characters is used in html source attributes, so you can see and
manipulate custom colors in html, too.
Now back to the easy conversions between binary and hexadecimal, mentioned earlier.
The basic idea is to convert each 4 bits of a binary numeral
to a
single hexadecimal character. In detail:
Group the binary digits
in 4's, starting from the right.
Example:
10111100 
start 

1011 
1100 
split into groups of 4 bits, starting from the right 
8+2+1 
8+4 
convert: add powers where there is a 1 bit 
11 
12 
decimal results 
B 
C 
convert to hexadecimal digits 
BC 
final hexadecimal answer 
A bigger example:
1011110011 
= 001001110011 but NOT 100111001100 

10 
1111 
0011 
split into groups of 4 bits, starting from the right 
2 
8+4+2+1 
2+1 
convert groups of bits from binary 
2 
15 
3 
decimal results 
2 
F 
3 
convert to 2digit results to hexadecimal digits 
2F3 
final hexadecimal answer 
Now the reverse process:
2F3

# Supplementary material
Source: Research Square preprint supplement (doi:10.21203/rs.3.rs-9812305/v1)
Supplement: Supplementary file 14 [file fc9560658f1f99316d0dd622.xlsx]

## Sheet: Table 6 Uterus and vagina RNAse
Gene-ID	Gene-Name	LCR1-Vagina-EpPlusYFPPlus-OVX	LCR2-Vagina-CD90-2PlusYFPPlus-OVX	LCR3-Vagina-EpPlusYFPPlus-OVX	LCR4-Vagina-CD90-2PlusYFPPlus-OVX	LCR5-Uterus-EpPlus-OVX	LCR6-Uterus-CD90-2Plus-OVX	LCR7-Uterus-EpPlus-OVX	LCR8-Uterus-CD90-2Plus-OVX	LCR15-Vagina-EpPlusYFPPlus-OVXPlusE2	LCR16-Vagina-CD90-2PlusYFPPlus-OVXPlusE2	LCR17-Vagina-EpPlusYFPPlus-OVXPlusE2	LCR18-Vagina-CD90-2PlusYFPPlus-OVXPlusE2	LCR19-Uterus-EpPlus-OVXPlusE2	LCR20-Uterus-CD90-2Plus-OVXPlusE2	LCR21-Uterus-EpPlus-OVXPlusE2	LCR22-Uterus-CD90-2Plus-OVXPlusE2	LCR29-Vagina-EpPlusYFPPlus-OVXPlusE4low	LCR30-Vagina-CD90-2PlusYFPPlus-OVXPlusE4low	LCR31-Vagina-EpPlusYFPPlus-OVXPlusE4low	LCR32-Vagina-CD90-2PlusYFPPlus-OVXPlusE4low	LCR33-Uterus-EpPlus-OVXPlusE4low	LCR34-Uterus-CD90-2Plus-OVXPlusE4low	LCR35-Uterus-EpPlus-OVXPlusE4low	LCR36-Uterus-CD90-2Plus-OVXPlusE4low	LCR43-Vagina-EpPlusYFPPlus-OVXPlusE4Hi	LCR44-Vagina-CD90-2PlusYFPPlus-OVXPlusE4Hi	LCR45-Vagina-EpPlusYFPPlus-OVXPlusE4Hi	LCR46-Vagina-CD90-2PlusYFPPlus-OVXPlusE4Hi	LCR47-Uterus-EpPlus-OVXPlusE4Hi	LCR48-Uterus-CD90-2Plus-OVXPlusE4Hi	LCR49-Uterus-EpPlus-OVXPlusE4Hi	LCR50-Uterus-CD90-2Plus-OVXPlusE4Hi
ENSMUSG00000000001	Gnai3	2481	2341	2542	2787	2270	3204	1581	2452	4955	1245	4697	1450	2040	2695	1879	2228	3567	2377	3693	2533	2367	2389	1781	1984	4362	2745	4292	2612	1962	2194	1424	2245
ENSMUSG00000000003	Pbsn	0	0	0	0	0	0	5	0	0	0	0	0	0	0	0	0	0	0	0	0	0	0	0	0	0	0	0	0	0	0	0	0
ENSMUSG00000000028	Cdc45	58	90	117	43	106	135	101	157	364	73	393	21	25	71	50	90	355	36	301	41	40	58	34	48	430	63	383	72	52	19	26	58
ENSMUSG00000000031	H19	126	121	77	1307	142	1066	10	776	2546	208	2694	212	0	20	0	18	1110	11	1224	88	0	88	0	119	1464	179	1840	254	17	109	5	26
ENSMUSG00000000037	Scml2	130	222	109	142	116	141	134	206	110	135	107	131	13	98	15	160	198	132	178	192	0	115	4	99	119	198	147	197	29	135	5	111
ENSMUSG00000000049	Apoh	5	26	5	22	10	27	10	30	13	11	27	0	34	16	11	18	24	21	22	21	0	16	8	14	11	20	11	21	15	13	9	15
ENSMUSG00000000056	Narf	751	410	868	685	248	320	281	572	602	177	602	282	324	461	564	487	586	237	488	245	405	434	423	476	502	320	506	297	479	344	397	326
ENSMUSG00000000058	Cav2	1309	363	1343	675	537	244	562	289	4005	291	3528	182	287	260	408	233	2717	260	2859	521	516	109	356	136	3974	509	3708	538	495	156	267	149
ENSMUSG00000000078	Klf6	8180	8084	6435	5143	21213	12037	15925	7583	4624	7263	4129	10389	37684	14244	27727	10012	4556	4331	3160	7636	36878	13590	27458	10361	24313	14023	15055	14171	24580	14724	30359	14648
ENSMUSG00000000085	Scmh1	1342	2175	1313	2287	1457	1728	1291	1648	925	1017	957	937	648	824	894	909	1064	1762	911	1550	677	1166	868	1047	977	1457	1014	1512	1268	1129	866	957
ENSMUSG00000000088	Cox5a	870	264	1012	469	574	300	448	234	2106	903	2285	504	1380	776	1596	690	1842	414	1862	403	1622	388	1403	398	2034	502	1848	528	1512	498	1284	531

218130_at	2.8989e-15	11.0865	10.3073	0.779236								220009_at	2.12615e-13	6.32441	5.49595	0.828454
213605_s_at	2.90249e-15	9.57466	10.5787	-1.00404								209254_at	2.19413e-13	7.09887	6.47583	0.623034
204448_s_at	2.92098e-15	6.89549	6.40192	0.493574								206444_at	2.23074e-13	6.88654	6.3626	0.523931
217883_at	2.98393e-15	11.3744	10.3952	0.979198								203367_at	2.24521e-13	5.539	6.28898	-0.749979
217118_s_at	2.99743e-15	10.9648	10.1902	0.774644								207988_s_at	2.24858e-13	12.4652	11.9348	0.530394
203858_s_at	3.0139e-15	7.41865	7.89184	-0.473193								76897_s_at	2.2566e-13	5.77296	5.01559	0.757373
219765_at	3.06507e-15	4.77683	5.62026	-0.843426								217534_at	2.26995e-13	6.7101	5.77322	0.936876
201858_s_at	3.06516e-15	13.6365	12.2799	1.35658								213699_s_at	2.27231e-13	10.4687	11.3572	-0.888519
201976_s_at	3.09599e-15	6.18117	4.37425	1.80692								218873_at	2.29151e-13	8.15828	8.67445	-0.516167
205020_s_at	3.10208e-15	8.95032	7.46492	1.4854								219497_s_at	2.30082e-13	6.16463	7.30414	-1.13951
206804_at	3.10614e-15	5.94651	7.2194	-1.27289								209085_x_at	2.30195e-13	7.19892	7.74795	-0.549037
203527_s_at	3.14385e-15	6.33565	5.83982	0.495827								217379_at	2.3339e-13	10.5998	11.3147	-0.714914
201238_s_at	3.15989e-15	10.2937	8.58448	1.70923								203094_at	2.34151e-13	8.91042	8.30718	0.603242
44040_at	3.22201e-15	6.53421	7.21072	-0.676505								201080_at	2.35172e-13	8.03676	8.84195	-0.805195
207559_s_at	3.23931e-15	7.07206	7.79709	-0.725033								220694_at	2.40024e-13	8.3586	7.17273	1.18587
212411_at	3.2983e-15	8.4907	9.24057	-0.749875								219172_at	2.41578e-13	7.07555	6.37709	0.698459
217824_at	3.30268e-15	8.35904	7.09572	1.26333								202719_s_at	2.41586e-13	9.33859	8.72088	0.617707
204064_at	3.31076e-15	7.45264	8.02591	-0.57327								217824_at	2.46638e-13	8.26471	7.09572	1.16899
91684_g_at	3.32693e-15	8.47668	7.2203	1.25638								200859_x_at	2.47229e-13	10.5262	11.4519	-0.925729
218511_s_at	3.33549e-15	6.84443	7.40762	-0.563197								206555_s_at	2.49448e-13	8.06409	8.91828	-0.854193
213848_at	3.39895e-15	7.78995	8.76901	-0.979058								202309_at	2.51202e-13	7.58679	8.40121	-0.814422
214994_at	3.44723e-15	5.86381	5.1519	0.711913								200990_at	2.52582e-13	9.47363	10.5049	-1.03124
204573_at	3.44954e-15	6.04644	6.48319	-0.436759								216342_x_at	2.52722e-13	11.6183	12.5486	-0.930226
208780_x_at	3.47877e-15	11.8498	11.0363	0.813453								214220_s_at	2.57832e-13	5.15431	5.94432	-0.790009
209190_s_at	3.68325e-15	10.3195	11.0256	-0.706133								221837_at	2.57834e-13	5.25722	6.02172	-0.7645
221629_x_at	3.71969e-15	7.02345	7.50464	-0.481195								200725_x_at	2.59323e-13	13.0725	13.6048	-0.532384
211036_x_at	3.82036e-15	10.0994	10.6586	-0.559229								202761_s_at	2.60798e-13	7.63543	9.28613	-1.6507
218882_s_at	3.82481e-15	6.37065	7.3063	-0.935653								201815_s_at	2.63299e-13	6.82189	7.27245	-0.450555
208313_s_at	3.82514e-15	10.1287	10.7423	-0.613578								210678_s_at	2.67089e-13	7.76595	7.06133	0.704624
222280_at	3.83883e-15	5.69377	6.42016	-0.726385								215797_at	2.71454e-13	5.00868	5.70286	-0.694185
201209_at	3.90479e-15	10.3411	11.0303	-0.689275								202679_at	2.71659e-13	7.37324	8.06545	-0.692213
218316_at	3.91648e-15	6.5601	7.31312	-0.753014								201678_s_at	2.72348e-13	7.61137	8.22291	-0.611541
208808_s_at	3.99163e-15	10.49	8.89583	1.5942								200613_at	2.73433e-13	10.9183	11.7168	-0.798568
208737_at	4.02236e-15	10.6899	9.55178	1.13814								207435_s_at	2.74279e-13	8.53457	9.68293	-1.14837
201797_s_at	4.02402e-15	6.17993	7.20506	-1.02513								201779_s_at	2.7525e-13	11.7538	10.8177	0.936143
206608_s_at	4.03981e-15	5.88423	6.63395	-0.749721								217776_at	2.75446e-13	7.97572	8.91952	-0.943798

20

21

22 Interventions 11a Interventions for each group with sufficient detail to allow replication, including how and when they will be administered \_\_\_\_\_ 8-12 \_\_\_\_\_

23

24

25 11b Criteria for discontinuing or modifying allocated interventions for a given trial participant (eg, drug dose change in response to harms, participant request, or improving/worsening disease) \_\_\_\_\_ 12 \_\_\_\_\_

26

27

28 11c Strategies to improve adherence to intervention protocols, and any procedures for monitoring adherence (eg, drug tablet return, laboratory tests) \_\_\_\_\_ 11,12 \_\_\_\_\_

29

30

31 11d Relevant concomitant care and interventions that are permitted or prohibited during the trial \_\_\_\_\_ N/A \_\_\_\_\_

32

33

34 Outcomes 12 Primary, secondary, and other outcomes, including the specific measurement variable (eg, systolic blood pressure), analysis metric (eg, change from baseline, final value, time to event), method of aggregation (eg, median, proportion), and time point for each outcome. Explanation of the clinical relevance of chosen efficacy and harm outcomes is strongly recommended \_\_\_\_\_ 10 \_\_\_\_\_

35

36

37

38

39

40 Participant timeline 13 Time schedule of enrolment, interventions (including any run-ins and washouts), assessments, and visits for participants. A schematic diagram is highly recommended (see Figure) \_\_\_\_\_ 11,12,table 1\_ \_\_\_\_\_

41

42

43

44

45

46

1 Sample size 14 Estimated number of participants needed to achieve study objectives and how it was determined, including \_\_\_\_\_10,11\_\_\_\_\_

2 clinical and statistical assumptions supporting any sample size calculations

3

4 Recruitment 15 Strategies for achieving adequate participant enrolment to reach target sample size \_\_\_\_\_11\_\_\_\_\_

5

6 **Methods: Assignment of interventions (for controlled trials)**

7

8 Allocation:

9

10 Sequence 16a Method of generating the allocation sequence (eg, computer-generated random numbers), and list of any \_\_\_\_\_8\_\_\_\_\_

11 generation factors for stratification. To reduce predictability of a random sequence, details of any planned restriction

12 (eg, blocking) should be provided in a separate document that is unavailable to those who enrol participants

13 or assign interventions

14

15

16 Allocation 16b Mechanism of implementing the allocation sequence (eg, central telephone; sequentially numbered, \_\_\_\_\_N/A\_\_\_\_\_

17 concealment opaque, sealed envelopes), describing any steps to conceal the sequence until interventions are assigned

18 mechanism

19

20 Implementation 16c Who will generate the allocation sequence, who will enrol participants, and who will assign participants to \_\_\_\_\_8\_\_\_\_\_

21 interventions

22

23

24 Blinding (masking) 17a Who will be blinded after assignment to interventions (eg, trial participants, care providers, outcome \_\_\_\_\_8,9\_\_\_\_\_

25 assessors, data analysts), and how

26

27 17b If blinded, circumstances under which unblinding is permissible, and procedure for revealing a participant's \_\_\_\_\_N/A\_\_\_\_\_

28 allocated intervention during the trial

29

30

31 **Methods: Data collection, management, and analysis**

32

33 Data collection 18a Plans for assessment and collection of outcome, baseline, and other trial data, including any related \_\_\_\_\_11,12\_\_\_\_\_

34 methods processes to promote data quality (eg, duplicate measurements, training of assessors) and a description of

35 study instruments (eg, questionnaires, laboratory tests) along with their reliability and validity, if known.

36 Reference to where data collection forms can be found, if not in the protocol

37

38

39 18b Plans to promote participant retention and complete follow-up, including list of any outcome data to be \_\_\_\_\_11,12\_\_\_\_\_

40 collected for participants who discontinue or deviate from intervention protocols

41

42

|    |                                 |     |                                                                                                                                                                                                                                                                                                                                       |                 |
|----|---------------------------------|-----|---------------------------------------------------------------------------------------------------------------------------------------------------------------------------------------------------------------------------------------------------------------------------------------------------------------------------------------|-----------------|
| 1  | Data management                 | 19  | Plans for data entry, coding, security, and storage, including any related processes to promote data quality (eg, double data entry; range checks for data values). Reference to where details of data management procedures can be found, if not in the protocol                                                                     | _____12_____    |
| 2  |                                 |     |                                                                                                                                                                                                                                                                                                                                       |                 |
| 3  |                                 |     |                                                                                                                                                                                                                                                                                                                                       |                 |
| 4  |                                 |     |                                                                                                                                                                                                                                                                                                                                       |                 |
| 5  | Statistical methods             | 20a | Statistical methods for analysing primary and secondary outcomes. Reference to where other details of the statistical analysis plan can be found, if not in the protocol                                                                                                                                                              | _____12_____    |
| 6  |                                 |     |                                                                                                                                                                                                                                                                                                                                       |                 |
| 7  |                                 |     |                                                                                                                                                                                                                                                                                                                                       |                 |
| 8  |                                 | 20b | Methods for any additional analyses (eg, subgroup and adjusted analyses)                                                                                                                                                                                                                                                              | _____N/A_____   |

starting hexadecimal numeral 

2 
F 
3 
hex digits 
2 
15 
3 
decimal (skip if using table directly) 
0010 
1111 
0011 
binary, padded to 4 bits 
001011110011 
combined 

1011110011 
final binary numeral, leading 0's stripped 
See bases.py
in the examples directory for the course. The hexToBin and
binToHex functions manipulate pieces of strings and use some of the
string methods and string indexing syntax from Chapter 2 of the
Handson Python Tutorial.
If you do not want to do any
arithmetic in converting between binary and hexadecimal, you can use
the decimal/hex/binary table above or run the table() function
in bases.py to produce:
Dec Hex Bin
0 0 0000
1 1 0001
2 2 0010
3 3 0011
4 4 0100
5 5 0101
6 6 0110
7 7 0111
8 8 1000
9 9 1001
10 A 1010
11 B 1011
12 C 1100
13 D 1101
14 E 1110
15 F 1111
Instant converter applets at
http://www.easycalculation.com/hexconverter.php
The
same idea works for conversion between binary and base 8, octal.
Octal is used to express some Unix/Linux 3bit permission
codes.
This section relates recent ideas to previous Pythonwork, but it is not central to the current ideas. It is useful for testing simple results you work on by hand, like those in the next section.
You can generate hexadecimal, octal, and binary numerals in
format
strings in Python using format specifiers 'X', 'o', and